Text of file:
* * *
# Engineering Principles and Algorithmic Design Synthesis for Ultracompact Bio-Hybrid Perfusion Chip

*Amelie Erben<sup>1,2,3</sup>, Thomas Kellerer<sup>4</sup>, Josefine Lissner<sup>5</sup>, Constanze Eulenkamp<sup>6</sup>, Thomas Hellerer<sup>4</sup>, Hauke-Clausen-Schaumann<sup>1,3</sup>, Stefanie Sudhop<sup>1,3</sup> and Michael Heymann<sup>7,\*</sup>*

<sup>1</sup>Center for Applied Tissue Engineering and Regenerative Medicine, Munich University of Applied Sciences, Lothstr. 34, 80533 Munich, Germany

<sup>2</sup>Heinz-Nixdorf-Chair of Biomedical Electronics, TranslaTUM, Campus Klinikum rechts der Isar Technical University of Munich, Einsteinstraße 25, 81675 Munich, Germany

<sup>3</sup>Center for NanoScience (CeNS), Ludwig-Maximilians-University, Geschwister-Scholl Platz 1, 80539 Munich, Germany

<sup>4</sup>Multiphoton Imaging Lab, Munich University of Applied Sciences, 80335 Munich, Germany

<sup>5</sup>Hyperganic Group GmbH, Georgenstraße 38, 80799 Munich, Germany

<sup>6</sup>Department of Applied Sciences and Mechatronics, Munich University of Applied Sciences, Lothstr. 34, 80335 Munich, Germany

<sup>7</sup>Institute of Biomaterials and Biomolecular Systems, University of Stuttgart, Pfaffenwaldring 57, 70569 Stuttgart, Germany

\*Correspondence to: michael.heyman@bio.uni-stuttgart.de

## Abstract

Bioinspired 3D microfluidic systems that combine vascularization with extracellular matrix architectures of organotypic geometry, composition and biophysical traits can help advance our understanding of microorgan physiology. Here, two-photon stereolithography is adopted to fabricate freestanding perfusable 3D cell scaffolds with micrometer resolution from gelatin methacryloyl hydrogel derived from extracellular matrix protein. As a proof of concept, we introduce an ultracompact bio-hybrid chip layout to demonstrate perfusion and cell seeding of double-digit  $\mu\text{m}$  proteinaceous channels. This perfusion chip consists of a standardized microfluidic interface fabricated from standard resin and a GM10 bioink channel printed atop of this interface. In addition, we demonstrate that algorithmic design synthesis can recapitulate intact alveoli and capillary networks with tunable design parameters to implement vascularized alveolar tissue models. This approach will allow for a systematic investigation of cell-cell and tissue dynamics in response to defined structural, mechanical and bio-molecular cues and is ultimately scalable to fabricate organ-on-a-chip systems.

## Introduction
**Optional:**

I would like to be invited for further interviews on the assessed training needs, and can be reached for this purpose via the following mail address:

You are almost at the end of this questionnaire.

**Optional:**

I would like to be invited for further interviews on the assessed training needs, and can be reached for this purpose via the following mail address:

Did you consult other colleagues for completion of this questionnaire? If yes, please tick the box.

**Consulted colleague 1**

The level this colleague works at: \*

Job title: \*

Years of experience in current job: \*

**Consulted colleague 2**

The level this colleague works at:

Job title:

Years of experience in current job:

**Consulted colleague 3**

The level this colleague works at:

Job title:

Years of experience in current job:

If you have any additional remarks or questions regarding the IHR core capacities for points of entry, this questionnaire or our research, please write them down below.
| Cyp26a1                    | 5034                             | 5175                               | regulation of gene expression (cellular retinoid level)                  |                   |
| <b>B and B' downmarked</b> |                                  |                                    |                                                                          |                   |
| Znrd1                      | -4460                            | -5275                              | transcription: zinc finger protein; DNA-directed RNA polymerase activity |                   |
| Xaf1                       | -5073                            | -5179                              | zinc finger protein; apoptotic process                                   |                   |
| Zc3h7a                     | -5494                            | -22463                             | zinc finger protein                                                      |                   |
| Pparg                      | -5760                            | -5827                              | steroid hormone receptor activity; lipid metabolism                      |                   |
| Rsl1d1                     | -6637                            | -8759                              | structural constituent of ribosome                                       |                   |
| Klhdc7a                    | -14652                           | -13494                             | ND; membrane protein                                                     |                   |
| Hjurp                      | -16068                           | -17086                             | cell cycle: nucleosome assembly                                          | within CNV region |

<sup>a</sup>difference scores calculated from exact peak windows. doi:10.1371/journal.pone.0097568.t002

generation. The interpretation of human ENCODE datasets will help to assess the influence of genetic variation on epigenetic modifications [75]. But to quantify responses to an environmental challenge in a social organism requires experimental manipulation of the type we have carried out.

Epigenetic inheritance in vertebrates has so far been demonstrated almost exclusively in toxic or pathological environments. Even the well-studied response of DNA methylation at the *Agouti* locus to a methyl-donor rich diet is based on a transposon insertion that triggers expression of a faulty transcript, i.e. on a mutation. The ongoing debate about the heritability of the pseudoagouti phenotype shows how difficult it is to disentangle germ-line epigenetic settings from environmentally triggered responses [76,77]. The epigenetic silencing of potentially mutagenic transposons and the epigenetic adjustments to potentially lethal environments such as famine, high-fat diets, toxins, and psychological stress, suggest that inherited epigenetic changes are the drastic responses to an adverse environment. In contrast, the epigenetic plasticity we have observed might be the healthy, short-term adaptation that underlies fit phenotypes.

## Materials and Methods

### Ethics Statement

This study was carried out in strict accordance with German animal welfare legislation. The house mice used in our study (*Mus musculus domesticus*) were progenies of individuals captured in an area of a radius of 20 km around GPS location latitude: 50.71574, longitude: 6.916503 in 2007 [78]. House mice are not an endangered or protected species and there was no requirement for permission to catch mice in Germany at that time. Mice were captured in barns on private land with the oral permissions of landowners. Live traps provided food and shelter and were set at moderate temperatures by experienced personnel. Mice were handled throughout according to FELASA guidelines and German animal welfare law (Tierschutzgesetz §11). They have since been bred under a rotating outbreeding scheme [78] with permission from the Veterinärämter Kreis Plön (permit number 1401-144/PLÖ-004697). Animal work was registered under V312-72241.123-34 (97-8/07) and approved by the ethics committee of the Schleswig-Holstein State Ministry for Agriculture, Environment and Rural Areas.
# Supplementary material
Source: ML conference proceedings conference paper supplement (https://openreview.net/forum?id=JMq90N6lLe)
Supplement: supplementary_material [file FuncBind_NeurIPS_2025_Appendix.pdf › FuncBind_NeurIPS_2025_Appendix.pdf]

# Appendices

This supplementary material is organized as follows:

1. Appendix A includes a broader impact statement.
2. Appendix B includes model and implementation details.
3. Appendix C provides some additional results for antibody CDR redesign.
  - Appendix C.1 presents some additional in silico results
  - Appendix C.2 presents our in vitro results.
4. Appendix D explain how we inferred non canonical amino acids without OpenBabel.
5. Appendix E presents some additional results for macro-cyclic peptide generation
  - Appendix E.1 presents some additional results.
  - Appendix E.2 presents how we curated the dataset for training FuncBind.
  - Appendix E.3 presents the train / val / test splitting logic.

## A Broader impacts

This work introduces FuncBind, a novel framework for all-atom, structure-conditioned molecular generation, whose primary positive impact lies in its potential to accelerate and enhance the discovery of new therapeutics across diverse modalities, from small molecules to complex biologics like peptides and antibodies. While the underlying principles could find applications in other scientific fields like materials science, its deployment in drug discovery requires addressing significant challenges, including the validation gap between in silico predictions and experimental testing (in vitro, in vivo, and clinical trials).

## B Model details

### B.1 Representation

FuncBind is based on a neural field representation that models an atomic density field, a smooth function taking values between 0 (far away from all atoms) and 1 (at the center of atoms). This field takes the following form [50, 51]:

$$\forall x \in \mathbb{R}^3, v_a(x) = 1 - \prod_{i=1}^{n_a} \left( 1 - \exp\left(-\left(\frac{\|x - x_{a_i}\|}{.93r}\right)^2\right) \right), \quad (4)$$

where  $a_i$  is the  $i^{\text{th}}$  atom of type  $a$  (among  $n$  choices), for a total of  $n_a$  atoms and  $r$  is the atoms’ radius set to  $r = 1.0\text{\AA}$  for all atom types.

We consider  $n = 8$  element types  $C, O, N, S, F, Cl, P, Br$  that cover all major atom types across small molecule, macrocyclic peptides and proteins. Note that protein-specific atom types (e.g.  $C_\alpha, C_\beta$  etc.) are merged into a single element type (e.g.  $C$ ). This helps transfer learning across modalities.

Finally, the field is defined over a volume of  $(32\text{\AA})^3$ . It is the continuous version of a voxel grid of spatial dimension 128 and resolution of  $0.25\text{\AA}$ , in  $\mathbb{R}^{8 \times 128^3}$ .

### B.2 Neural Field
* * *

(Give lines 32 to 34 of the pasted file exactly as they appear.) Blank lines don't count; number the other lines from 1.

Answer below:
If you have any additional remarks or questions regarding the IHR core capacities for points of entry, this questionnaire or our research, please write them down below.
| Cyp26a1                    | 5034                             | 5175                               | regulation of gene expression (cellular retinoid level)                  |                   |
| <b>B and B' downmarked</b> |                                  |                                    |                                                                          |                   |